Earnings attributable to shareholders decreased by 63% to R7,3 billion from R19,5 billion in the prior period. An interim dividend of R5,70 per share was declared (18,6% lower compared to the prior period).

Profit from operations of R14,9 billion declined by 50%, on the back of challenging and highly volatile global markets.

Average Brent crude oil prices moved dramatically lower by 47%, while the price of Sasol’s basket of commodity chemical prices dropped by 23%. The impact of lower oil and commodity chemical prices was partly offset by a 24% weaker average rand/US dollar exchange rate (R13,62/$ for the six months ended 31 December 2015, compared with R10,99/$).

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The average margin for Sasol’s speciality chemicals remained resilient. Sasol continued its cost containment programme and reduced cash fixed costs by 4,5% in nominal terms. Excluding the impact of inflation, exchange rates and once-off costs, cash fixed costs were down by 8,4%. This was achieved by an accelerated sustainable delivery of its Business Performance Enhancement and Response Plan programmes.

“Given a ‘lower-for-much-longer’ oil price scenario, we have intensified and extended the scope of our Response Plan, by derisking and rephasing certain projects, while prioritising capital for the advancement of our growth projects in southern Africa and the USA,” said Sasol President and CEO David Constable.

A company-wide programme, aimed at delivering sustainable cost savings of R4,3 billion by the end of the 2016 financial year, is nearing its completion.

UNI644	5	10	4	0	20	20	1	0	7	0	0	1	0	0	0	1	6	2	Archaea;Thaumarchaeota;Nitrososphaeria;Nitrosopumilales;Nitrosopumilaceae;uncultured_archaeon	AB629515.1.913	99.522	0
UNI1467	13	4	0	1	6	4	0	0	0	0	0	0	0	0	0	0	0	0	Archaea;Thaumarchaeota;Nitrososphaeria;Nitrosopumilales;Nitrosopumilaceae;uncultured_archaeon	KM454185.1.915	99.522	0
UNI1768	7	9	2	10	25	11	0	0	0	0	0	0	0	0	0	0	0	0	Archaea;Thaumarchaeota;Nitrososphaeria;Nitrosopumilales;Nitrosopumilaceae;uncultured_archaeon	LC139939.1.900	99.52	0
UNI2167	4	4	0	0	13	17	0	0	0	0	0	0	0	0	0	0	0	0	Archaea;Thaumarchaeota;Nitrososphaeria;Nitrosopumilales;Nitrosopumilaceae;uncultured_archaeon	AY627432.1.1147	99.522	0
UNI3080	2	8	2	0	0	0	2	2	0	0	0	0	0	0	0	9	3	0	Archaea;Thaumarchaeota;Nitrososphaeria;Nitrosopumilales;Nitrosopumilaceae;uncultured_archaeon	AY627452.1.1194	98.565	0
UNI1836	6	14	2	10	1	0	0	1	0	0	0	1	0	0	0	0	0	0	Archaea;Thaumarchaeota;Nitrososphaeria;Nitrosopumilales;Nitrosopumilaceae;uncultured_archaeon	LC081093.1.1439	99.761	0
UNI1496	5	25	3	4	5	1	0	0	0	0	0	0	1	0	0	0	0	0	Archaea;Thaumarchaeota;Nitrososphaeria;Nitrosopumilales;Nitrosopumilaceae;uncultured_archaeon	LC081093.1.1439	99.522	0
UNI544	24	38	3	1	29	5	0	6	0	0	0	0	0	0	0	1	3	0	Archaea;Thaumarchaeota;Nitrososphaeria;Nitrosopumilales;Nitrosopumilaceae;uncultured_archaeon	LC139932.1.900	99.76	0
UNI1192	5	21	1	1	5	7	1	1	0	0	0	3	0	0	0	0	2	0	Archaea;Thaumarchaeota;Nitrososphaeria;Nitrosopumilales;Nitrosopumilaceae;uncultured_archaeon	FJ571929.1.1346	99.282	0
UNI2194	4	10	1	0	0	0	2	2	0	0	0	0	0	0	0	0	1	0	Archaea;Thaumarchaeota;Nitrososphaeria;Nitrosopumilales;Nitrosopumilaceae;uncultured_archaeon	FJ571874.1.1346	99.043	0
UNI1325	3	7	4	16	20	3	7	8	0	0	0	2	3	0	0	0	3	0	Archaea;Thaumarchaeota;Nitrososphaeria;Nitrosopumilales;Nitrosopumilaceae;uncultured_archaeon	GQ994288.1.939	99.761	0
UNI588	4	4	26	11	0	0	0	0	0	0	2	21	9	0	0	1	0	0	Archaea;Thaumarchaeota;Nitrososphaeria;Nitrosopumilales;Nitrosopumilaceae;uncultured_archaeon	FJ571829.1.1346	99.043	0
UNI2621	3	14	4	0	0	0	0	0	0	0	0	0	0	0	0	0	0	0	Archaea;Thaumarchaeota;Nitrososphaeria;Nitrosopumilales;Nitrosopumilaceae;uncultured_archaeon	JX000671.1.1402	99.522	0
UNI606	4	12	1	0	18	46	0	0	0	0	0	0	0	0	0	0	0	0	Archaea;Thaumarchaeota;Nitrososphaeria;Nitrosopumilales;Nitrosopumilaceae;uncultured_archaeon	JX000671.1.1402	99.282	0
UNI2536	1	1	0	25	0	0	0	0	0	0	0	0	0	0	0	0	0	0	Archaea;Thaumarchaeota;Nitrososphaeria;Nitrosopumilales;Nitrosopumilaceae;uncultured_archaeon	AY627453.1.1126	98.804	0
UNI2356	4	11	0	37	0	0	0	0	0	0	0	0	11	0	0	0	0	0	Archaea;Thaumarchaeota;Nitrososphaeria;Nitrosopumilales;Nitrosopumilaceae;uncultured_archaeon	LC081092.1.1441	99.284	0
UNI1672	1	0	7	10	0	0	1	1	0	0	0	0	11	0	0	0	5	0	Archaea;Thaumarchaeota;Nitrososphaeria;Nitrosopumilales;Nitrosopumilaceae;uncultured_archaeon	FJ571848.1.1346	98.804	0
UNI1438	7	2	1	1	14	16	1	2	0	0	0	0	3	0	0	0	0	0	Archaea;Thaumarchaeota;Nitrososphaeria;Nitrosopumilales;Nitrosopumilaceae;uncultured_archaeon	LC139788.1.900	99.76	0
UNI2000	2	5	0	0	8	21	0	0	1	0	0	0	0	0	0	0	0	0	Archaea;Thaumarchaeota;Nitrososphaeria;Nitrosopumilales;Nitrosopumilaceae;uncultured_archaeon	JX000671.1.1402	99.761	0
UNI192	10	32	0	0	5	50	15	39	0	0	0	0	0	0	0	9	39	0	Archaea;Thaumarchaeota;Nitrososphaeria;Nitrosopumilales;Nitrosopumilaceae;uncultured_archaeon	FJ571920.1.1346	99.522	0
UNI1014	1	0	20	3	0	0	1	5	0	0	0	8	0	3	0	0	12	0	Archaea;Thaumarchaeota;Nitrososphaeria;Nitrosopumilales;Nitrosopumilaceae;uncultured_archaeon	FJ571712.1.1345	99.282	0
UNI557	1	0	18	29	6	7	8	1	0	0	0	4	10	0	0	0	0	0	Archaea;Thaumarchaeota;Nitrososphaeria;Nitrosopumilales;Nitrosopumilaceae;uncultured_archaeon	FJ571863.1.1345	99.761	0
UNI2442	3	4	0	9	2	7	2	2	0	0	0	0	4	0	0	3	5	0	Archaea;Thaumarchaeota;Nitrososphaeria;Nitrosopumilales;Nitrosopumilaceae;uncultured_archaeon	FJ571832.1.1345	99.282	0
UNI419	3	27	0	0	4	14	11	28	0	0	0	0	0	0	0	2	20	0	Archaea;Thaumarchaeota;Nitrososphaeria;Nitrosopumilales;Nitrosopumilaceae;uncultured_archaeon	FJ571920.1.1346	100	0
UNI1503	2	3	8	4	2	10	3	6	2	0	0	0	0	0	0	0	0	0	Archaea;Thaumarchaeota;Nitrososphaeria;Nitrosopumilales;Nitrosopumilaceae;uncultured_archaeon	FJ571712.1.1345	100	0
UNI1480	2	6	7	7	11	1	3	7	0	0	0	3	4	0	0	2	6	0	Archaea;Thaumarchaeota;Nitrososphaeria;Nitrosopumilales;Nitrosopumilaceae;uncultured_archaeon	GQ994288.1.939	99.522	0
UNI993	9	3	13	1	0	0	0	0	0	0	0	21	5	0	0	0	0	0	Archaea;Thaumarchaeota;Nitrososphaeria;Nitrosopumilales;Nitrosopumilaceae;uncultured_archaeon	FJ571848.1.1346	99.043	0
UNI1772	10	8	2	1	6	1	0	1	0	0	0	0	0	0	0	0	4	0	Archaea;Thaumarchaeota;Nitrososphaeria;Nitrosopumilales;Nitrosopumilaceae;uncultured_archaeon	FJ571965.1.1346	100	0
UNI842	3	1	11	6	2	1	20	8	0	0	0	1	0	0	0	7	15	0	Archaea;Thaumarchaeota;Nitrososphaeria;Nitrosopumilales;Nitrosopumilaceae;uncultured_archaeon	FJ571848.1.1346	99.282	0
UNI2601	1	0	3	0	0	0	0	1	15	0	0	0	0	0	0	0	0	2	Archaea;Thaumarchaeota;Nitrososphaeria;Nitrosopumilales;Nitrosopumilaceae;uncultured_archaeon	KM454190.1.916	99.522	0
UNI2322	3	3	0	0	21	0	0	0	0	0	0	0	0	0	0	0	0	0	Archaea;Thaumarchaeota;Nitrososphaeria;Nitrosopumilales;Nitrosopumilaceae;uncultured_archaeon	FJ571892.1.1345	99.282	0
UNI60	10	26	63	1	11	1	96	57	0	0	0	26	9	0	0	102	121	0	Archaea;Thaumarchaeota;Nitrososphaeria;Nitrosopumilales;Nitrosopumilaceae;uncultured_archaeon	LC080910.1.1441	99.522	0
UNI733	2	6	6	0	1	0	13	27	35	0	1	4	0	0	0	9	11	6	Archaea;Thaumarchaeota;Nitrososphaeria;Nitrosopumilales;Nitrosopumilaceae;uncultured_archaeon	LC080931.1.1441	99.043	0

Sasol delivered actual cost savings up to 31 December 2015 of R3,1 billion, on track to meet its savings target forecast of R4 billion, at an annual exit run rate of R4,3 billion by the end of financial year 2016.

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Cash generated by operating activities lost 21% to R26,7 billion compared with R34 billion in the prior period.

Sasol’s net cash position increased by 15%, from R53 billion in June 2015 to R61 billion as at 31 December 2015, driven largely by the company’s cash conservation initiatives and the favourable impact of the rand/dollar translation effects. Actual capital expenditure during the period amounted to R33,6 billion.

Loans raised during the period amounted to R19,2 billion, mainly for the funding of the Lake Charles Chemicals project. Sasol’s assets and liabilities were significantly impacted by the weaker average rand/dollar exchange rate, resulting in higher than expected translation differences.

Source: News24 Wire